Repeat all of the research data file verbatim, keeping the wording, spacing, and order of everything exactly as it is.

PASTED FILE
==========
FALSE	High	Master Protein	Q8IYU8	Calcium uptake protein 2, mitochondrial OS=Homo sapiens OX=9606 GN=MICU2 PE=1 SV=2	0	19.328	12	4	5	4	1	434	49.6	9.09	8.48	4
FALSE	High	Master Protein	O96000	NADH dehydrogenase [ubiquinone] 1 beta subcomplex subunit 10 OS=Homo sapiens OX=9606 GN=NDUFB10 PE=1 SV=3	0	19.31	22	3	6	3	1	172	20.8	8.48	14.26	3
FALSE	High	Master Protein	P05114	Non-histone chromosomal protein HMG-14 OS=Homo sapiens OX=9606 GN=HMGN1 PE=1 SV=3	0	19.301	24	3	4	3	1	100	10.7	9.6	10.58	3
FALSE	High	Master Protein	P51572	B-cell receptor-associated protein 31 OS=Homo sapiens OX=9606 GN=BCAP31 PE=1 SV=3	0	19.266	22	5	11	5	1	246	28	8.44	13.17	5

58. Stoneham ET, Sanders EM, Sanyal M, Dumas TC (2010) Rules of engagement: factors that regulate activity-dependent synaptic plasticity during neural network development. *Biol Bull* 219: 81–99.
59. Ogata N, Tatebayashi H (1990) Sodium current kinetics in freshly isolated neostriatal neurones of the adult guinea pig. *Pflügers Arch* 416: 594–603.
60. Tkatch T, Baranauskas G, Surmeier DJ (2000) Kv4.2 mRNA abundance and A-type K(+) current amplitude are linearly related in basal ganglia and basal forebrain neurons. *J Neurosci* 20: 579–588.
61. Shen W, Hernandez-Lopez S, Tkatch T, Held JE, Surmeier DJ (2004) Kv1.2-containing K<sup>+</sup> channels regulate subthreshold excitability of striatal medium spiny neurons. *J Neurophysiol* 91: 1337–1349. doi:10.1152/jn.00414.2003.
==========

FALSE	High	Master Protein	Q8IYU8	Calcium uptake protein 2, mitochondrial OS=Homo sapiens OX=9606 GN=MICU2 PE=1 SV=2	0	19.328	12	4	5	4	1	434	49.6	9.09	8.48	4
FALSE	High	Master Protein	O96000	NADH dehydrogenase [ubiquinone] 1 beta subcomplex subunit 10 OS=Homo sapiens OX=9606 GN=NDUFB10 PE=1 SV=3	0	19.31	22	3	6	3	1	172	20.8	8.48	14.26	3
FALSE	High	Master Protein	P05114	Non-histone chromosomal protein HMG-14 OS=Homo sapiens OX=9606 GN=HMGN1 PE=1 SV=3	0	19.301	24	3	4	3	1	100	10.7	9.6	10.58	3
FALSE	High	Master Protein	P51572	B-cell receptor-associated protein 31 OS=Homo sapiens OX=9606 GN=BCAP31 PE=1 SV=3	0	19.266	22	5	11	5	1	246	28	8.44	13.17	5

58. Stoneham ET, Sanders EM, Sanyal M, Dumas TC (2010) Rules of engagement: factors that regulate activity-dependent synaptic plasticity during neural network development. *Biol Bull* 219: 81–99.
59. Ogata N, Tatebayashi H (1990) Sodium current kinetics in freshly isolated neostriatal neurones of the adult guinea pig. *Pflügers Arch* 416: 594–603.
60. Tkatch T, Baranauskas G, Surmeier DJ (2000) Kv4.2 mRNA abundance and A-type K(+) current amplitude are linearly related in basal ganglia and basal forebrain neurons. *J Neurosci* 20: 579–588.
61. Shen W, Hernandez-Lopez S, Tkatch T, Held JE, Surmeier DJ (2004) Kv1.2-containing K<sup>+</sup> channels regulate subthreshold excitability of striatal medium spiny neurons. *J Neurophysiol* 91: 1337–1349. doi:10.1152/jn.00414.2003.